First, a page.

After thousands of years as hunter-gathers, humans should need little prodding to move. But now that walking, running and swimming are no longer matters of life and death in the short term, the long term risks of inactivity have created their own dangers. Only a few generations ago, Bedouins had to depend on the individual strength of each other to survive. Modernisation has brought the trappings of sedentary life to this part of the world quicker than almost any other. Fizzy drinks and junk food have become staples for many youths. And as we report today, these foods have become so prevalent that Emiratis such as Abdulrahman al Ali, a 22-year old student at Sharjah Men's College, have developed a self-professed "addiction" to them.
Mr al Ali represents a generation of Emiratis who are increasingly aware that their lifestyles need to change. For students at Sharjah Men's College, that change has come in the form of required health and fitness classes. The programme, a joint initiative with the Sharjah Football Club, mandates two hours of health class and two hours of exercise a week that counts towards obtaining a degree. For exercise enthusiasts, this would seem a paltry amount. Two hours of exercise a week is a little more than one football game or around 15 minutes of brisk walking each day. But for those who must be prodded off the couch, unplugged from their laptop and dragged from their cars, such programmes offer small, but vital steps for achieving better health. This holds especially true for students, who should be taught early on the importance of training a healthy body to support a healthy mind.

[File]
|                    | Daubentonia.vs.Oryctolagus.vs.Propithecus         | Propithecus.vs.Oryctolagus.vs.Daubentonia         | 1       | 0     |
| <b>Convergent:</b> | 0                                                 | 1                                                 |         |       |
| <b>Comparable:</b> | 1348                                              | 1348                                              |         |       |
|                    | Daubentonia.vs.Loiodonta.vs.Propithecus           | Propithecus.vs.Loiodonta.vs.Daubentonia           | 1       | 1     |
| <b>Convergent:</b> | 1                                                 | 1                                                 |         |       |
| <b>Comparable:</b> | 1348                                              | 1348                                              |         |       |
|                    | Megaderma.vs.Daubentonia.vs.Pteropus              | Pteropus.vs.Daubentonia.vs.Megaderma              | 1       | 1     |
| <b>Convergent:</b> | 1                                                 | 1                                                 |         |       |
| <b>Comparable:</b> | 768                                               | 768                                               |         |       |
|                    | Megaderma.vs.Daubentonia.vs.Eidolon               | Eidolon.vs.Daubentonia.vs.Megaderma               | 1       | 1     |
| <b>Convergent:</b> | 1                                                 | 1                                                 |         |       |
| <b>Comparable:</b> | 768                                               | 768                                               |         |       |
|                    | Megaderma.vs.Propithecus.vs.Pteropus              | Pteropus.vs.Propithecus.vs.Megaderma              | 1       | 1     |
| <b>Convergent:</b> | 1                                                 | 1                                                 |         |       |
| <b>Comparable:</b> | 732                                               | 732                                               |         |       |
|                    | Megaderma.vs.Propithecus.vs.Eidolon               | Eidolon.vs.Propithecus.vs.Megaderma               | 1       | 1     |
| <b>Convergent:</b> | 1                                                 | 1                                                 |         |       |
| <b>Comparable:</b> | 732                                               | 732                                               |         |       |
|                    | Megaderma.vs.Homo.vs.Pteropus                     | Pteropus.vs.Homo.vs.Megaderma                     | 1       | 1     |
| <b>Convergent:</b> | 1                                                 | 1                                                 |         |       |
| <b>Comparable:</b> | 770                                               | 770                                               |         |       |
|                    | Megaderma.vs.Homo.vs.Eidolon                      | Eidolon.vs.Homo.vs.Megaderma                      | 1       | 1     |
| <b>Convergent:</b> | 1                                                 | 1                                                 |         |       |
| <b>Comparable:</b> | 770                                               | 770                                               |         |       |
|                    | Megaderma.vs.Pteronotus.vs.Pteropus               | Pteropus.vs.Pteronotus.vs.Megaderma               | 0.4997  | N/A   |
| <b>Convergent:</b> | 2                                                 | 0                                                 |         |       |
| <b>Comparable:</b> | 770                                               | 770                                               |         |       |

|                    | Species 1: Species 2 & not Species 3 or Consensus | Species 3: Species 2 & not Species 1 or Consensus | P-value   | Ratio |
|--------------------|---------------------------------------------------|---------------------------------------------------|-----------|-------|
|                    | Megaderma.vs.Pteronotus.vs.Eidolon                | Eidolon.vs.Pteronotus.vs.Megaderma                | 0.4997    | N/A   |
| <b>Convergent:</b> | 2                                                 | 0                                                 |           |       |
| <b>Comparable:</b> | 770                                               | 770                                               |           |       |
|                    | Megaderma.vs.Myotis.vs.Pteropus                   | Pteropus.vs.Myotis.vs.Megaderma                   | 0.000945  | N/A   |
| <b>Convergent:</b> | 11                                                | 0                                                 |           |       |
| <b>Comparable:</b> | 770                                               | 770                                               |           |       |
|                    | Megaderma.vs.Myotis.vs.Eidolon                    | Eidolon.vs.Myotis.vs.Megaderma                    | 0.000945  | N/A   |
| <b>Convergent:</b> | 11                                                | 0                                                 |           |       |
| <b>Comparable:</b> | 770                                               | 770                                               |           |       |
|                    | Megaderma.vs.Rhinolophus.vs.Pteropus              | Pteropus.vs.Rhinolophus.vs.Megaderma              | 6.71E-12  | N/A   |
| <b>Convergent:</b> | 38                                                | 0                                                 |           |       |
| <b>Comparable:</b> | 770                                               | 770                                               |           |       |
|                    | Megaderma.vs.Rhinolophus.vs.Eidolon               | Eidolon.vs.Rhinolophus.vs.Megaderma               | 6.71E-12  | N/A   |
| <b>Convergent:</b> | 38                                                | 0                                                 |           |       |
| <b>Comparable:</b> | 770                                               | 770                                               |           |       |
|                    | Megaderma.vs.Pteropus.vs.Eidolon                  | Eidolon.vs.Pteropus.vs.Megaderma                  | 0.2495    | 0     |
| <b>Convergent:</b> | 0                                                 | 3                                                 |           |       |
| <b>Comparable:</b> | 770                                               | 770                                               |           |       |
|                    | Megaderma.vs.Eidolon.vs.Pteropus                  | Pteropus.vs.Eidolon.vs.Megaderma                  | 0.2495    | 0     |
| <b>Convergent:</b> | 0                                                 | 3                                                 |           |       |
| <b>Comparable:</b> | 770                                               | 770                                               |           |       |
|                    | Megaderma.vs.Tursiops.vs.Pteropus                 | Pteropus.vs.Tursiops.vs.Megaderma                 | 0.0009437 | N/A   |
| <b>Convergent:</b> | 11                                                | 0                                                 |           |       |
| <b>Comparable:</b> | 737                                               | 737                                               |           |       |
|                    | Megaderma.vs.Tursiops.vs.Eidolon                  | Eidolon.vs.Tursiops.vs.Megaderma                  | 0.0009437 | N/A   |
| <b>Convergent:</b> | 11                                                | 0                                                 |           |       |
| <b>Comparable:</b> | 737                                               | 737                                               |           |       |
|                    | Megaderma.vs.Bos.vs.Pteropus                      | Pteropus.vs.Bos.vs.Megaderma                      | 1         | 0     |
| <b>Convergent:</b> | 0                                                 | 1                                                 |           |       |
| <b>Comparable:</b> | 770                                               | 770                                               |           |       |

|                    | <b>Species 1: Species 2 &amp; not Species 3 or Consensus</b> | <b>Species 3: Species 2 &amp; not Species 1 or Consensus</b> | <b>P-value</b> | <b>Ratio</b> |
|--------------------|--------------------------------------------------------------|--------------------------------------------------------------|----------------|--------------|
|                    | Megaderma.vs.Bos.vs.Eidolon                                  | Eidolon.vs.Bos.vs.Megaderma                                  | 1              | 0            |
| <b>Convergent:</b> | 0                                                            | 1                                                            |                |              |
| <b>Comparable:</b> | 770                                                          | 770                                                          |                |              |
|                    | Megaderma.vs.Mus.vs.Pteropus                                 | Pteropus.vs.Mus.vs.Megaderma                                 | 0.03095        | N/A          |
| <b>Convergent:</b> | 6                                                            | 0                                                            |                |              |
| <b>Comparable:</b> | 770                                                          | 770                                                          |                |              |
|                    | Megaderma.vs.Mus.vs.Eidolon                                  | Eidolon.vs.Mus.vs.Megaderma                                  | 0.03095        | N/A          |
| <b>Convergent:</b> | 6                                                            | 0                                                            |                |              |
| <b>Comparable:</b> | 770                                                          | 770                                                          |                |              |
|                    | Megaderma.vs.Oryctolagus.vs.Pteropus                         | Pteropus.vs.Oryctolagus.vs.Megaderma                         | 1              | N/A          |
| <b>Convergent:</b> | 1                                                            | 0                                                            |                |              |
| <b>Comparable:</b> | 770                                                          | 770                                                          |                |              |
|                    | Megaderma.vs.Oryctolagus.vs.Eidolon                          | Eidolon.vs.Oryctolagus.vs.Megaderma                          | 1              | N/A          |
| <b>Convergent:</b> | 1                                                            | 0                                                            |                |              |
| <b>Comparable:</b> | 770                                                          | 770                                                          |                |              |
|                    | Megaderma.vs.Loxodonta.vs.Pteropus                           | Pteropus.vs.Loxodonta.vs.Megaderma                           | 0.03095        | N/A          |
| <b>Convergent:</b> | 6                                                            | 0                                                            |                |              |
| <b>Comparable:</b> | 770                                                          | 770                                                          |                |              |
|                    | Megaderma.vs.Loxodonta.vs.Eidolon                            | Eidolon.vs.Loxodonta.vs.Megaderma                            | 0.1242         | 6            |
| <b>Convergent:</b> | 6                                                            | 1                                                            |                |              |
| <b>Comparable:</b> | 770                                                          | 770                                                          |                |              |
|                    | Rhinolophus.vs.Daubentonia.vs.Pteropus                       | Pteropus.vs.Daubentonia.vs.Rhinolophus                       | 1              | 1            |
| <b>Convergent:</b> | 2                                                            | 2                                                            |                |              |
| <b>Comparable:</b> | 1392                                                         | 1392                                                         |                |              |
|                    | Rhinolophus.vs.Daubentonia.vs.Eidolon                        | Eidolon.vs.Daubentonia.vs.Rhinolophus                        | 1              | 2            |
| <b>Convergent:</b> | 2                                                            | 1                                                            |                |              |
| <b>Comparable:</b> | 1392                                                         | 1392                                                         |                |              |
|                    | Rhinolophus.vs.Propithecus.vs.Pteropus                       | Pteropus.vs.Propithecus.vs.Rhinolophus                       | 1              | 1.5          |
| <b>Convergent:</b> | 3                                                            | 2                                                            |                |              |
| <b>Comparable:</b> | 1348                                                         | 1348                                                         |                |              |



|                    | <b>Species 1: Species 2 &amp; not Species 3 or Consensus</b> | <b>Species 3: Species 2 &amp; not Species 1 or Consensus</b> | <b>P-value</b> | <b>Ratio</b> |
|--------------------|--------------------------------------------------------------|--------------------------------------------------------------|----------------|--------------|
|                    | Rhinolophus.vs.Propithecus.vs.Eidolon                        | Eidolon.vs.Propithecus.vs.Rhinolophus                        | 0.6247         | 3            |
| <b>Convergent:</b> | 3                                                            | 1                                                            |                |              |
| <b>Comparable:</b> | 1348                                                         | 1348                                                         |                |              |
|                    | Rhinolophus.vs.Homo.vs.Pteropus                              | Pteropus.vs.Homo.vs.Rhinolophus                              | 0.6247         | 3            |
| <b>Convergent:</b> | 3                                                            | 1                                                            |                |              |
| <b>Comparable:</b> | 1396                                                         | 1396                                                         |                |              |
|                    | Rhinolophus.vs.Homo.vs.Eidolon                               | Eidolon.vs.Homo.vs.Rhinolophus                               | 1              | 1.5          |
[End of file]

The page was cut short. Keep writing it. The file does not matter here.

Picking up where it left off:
After all, the aim of higher education is to equip students with the knowledge they need to succeed professionally and contribute to society. With the nation intent on developing a knowledge economy in the coming years, building an awareness of how to make healthy choices should be a critical component of that endeavour.